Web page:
Lessons from Spring Hill

#chrysler #generalmotors


Facebook Share Icon LinkedIn Share Icon Twitter Share Icon Share by EMail icon Print Icon

General Motors and Chrysler were back in Washington, D.C., in mid-February, asking for more bail-out money. Congress is almost certain to give it to them. GM is America‘s largest company. Detroit’s Big Three are, as they say, too big to fail.

For years, we’ve been wishing that auto OEMs, like those in the aircraft industry, would provide another monster transportation market for carbon fiber-reinforced composites. Unfortunately, federal funds will finance downsizing and backtracking, and precious little will be available for innovation. Yes, GM promised to put the hybrid-electric Volt into production, but with an aluminum body. Its only car with significant composites content — after 50 years of development — will remain the Corvette. Things are little different at Ford and Chrysler. We weren’t really on their dance card when the band was playing. And now the party’s over.

We need to be asking, where’s the party going to be? In pursuit of an answer, my research turned up 30 startup car companies that already do or soon will produce electric and hybrid electric cars. None are affiliated with GM, Ford or Chrysler. Most feature composite components in body parts and elsewhere to reduce weight and enable aerodynamic styling that would be impractical for the steel- or aluminum-bound Big Guys. Almost half of these fledgling auto OEMs use composites reinforced with carbon fiber. A number of them are located in the USA and Canada.

Unfortunately, while the Big Three are testifying before Congress to get billions in bail-out money, these upstarts — like everyone else since the credit crunch began — are begging for mere millions from increasingly reluctant private investors. Although it’s possible the federal government could see the light and shower some of the bail-out billions on the new guys, it’s far from probable. They’re not too big to fail. A goodly number now are competing for the $10 million Performance X-PRIZE, which will go to the company able to build a car that offers the equivalent of 100-mpg fuel economy in a saleable production vehicle. But let’s be honest: $10 million probably wouldn’t pay the light bill at GM this year.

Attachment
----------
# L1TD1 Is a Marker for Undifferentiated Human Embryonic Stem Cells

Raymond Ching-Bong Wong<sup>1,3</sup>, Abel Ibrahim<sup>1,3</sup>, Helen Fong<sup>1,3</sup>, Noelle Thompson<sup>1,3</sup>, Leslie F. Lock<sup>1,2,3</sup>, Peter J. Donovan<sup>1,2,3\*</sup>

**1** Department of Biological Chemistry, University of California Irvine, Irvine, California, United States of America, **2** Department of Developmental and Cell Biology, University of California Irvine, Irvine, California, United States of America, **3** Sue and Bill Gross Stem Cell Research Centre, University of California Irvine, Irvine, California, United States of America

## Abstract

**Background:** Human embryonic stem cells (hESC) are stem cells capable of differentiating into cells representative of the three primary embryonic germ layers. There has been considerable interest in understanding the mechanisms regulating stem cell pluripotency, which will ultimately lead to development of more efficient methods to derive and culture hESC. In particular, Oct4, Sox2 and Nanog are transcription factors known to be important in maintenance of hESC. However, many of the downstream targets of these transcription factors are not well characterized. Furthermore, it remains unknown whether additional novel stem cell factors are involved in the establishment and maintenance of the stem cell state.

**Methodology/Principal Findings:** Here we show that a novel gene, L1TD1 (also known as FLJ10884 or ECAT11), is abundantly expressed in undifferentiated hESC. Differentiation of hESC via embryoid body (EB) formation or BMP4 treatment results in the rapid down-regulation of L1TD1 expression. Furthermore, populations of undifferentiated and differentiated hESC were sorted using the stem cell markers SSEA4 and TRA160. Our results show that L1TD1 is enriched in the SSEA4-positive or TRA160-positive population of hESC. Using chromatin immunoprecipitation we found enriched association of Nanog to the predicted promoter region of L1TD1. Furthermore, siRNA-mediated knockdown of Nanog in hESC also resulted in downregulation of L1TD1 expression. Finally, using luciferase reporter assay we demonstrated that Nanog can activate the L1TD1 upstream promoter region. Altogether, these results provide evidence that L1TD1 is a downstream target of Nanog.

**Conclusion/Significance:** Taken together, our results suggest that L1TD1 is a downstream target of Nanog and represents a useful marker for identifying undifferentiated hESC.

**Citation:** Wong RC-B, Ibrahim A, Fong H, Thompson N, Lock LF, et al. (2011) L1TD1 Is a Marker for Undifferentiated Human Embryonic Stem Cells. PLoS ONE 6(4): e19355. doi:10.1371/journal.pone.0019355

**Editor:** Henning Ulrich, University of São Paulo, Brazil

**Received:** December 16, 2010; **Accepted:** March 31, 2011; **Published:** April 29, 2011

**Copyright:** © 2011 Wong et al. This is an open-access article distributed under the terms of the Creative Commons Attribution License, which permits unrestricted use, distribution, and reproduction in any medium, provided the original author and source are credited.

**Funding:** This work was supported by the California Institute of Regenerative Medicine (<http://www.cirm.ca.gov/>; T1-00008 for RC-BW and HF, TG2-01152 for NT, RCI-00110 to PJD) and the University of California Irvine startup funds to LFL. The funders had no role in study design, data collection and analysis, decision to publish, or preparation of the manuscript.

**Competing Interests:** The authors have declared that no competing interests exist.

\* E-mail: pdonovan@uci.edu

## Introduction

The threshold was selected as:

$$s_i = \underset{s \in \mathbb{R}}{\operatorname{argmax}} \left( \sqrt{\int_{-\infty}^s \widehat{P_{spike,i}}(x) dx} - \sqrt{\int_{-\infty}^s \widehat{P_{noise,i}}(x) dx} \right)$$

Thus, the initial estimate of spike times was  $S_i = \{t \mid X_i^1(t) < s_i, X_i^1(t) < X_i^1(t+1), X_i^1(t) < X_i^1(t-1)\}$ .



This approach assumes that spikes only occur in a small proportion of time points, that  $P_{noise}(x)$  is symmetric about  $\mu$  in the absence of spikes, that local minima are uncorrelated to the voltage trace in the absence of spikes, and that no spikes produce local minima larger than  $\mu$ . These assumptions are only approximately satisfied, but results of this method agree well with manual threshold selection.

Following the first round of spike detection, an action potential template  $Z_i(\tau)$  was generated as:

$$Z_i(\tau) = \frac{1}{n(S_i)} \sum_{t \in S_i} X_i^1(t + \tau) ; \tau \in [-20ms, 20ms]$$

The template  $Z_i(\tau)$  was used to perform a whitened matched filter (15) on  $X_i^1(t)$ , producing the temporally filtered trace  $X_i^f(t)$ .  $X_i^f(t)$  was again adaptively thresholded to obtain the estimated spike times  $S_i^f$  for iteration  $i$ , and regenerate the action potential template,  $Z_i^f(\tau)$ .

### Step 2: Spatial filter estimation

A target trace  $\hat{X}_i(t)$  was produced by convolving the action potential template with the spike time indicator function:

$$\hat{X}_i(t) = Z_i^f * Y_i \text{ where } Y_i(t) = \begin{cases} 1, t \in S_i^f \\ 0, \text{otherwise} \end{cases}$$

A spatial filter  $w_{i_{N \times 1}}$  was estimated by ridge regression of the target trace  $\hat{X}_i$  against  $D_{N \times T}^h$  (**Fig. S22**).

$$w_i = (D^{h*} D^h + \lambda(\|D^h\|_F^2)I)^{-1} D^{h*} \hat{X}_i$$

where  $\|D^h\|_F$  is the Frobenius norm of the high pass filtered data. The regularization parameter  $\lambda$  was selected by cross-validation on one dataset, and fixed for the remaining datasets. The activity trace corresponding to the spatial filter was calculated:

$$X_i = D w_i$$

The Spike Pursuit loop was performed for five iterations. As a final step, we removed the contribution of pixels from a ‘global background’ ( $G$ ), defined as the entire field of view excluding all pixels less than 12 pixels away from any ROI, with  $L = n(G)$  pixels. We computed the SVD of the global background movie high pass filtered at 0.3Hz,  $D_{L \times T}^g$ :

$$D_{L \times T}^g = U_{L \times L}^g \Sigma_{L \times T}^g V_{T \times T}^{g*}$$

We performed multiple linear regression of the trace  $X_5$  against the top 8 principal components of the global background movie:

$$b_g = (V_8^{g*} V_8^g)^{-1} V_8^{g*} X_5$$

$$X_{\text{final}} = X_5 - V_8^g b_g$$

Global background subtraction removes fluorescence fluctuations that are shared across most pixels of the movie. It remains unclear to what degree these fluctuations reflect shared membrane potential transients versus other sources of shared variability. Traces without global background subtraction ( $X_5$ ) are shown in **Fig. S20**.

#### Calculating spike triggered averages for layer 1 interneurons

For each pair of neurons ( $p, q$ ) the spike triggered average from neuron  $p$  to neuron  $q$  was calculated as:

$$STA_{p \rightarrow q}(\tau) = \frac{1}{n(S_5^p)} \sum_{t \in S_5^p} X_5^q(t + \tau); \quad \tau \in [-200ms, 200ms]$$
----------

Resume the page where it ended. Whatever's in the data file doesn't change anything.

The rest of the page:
There are a number of suppliers, here and abroad, who supply carbon fiber and the other materials and equipment necessary to produce the parts these car makers will need to make a go of it. And there are sound reasons why these suppliers would do well to risk supporting the startups: First, these smaller entities are freer to innovate. The Big Three are evolutionary systems in a time that demands revolutionary change. Second, the newcomers don’t have to overcome a century-long commitment to steel, and they already have demonstrated their commitment to our technology.

Back in the late 1980s, GM, desperate to compete with the Japanese in the subcompact car category, plunked down $5 billion (a drop in the bucket compared to the bail-out sum GM has requested) to create a completely new division. Forward-thinking designers, engineers and marketeers were sent far from Detroit to Spring Hill, Tenn. and given the go ahead to take a “clean sheet” approach. There, Saturn was born. The cars that premiered in 1990 were, for their time, both revolutionary and revelatory: gas-thrifty, sleekly styled, mid-size interiors on subcompact frames, and engineered thermoplastic fenders and door panels that would not dent or rust.

They were an immediate hit with American car buyers, but in 1994, GM execs — despite promises that Saturn would be kept independent — assumed control of the company and, for four years, permitted no further investment in innovation, despite pleas from dealers. Rather than adding fiber reinforcement to solve form-and-fit problems with the high-CTE thermoplastic or extending it to horizontal body parts (technology that is now available elsewhere, as noted in the first two items in "Editor's Picks" at right), GM phased the thermoplastic out in favor of aluminum-bodied products borrowed from GM’s European Opel line. Today, no Saturns are built in Spring Hill.

One thing went wrong with Saturn: It remained part of GM. Had it escaped GM’s shadow, and truly become a “different kind of car company,” many observers believe it would not now be on GM’s downsizing hit list.

Are GM and friends too big to fail? Their own testimony on Capitol Hill suggests that they might be too big to succeed. But a handful of Saturn-like car companies that aren’t hobbled by their histories are offering the advanced composites industry an unprecedented opportunity to make its voice heard in the automotive world. To do that, it needs to put its wallets where its wishes are.